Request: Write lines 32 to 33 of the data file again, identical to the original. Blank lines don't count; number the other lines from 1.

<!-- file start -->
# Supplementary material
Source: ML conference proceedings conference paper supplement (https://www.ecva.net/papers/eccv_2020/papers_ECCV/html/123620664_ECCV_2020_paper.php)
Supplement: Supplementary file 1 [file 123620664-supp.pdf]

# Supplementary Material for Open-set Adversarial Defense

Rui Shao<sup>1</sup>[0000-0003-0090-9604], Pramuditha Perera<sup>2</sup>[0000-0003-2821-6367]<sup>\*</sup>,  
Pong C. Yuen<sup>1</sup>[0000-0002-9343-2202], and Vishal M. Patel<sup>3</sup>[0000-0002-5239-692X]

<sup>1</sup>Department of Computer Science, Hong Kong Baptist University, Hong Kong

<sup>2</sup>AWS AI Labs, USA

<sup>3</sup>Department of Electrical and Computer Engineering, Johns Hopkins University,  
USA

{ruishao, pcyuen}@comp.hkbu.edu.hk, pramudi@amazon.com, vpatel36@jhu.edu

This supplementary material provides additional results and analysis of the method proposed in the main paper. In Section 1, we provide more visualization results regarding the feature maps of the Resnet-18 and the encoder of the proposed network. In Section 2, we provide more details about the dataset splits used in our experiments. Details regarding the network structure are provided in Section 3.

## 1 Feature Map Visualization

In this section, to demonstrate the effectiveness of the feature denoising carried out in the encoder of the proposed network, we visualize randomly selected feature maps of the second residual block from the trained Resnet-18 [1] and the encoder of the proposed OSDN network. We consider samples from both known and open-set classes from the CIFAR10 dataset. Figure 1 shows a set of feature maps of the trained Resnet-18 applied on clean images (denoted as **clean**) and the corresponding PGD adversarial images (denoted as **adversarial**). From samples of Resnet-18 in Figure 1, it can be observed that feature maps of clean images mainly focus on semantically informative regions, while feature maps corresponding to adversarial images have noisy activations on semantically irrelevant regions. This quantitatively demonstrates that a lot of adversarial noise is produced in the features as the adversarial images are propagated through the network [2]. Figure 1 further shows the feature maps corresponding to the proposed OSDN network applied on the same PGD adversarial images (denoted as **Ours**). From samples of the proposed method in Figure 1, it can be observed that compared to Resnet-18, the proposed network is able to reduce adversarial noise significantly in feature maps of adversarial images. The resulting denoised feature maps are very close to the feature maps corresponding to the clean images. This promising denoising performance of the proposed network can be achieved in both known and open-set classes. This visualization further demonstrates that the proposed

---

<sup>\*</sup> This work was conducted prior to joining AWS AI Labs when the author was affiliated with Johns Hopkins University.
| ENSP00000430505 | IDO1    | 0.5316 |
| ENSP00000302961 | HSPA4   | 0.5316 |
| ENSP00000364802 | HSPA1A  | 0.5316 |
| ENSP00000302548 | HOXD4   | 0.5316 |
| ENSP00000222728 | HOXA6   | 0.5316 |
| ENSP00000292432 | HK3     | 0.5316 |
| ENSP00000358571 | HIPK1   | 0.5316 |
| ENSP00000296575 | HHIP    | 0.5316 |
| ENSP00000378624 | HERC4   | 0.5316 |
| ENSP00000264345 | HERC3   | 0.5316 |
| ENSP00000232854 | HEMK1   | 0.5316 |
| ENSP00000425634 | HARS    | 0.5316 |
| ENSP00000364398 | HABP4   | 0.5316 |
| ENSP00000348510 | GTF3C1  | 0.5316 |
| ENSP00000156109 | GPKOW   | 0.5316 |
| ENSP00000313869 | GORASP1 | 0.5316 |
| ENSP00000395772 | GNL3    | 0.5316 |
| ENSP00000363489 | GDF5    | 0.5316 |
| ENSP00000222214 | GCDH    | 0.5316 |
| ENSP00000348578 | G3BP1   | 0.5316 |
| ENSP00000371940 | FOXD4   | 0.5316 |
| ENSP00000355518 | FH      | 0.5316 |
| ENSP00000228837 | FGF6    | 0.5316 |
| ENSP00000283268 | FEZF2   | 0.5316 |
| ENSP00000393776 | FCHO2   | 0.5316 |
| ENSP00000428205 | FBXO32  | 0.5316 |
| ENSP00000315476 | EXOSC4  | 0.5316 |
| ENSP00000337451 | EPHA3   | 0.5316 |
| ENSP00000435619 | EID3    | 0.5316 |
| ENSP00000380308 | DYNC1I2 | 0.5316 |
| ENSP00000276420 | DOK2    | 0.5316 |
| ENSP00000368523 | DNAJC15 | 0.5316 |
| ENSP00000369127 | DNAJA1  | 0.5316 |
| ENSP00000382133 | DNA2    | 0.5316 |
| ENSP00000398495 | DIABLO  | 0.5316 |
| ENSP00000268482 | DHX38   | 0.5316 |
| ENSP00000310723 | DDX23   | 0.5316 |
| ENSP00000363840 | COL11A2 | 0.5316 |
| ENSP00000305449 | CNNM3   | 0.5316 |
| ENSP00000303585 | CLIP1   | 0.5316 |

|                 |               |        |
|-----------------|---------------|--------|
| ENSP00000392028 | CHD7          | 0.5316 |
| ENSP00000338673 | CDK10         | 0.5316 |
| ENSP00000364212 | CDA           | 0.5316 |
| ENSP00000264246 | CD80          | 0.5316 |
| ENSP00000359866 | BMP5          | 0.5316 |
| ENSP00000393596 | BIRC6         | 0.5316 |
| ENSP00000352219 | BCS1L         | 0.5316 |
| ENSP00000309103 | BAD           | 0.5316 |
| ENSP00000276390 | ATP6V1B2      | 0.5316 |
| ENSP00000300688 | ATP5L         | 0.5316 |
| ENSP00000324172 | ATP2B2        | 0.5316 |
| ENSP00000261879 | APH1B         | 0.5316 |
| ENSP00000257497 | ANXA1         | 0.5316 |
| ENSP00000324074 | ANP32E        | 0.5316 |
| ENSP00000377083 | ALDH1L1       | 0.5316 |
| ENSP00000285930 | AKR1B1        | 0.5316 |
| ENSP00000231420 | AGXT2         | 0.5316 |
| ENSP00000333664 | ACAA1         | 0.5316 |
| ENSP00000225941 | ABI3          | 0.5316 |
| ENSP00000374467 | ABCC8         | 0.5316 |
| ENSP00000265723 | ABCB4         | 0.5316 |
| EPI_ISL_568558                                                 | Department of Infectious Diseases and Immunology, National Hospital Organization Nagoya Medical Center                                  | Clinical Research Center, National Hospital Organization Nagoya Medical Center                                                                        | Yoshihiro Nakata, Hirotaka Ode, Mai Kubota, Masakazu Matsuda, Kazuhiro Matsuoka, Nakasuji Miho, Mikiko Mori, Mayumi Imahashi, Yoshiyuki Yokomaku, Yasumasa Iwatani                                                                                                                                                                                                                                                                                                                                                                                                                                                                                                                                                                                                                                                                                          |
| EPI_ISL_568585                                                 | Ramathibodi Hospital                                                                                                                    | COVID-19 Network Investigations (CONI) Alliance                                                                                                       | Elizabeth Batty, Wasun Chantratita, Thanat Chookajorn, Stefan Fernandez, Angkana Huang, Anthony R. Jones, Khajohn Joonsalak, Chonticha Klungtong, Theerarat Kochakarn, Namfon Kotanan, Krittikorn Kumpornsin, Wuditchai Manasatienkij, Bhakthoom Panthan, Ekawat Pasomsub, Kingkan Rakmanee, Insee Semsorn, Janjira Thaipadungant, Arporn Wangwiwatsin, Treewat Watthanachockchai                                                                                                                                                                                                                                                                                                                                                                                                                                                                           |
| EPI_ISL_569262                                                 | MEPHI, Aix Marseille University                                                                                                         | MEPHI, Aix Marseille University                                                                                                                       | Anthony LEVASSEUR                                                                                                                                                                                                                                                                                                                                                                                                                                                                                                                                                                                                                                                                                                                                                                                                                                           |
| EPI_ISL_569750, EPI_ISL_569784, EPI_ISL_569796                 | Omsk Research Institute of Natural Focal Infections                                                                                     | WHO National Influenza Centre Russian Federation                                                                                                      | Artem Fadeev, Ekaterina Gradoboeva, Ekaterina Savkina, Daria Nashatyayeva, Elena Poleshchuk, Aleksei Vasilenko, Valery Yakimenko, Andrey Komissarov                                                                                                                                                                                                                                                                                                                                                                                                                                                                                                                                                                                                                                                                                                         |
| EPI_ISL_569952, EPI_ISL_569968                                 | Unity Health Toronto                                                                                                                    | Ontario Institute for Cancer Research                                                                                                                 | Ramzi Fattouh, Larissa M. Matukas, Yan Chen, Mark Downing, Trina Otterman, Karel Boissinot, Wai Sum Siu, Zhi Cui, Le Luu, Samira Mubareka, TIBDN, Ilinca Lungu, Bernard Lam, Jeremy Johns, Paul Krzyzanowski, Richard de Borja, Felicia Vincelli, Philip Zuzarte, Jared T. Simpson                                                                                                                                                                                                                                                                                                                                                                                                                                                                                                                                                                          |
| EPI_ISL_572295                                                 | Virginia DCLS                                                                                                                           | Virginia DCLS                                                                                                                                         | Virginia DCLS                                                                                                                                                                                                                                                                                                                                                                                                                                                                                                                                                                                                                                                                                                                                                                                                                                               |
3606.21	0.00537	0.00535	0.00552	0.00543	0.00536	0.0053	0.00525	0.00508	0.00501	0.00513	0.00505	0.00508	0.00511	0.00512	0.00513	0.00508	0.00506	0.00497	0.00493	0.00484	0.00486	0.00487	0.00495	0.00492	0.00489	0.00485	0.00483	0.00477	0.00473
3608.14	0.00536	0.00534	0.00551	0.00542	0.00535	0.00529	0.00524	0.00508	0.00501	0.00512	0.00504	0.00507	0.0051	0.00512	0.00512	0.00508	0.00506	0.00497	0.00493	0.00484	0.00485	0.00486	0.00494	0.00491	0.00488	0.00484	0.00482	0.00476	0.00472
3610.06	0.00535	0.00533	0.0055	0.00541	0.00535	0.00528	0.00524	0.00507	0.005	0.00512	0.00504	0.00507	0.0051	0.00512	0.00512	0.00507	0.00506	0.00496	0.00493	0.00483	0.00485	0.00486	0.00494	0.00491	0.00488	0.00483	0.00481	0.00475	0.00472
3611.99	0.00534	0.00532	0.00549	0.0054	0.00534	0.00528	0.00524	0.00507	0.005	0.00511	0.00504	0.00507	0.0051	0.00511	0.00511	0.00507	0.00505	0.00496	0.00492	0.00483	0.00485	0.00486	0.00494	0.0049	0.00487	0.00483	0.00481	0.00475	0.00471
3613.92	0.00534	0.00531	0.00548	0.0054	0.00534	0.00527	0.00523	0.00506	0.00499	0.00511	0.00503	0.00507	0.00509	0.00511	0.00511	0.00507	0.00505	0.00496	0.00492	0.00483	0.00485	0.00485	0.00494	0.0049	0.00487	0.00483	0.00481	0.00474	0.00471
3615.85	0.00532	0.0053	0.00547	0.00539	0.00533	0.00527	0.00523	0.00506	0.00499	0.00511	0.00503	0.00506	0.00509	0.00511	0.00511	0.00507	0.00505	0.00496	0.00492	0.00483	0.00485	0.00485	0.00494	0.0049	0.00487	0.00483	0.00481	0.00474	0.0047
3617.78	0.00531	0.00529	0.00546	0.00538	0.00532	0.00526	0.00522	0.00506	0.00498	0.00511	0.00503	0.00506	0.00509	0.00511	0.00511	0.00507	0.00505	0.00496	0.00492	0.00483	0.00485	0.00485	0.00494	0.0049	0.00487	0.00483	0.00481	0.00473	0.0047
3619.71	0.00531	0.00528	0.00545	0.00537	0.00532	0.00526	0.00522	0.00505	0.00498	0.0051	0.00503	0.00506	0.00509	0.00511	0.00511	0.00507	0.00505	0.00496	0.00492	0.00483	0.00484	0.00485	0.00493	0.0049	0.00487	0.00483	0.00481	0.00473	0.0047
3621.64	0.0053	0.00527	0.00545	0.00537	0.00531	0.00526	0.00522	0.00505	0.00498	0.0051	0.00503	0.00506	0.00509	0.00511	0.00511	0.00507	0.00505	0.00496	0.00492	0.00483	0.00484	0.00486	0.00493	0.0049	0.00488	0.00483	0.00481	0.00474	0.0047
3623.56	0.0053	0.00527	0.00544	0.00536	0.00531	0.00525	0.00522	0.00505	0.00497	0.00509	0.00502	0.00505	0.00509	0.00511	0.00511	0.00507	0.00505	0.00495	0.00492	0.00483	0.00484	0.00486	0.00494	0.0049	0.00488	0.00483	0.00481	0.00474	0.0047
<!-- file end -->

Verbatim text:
| ENSP00000313869 | GORASP1 | 0.5316 |
| ENSP00000395772 | GNL3    | 0.5316 |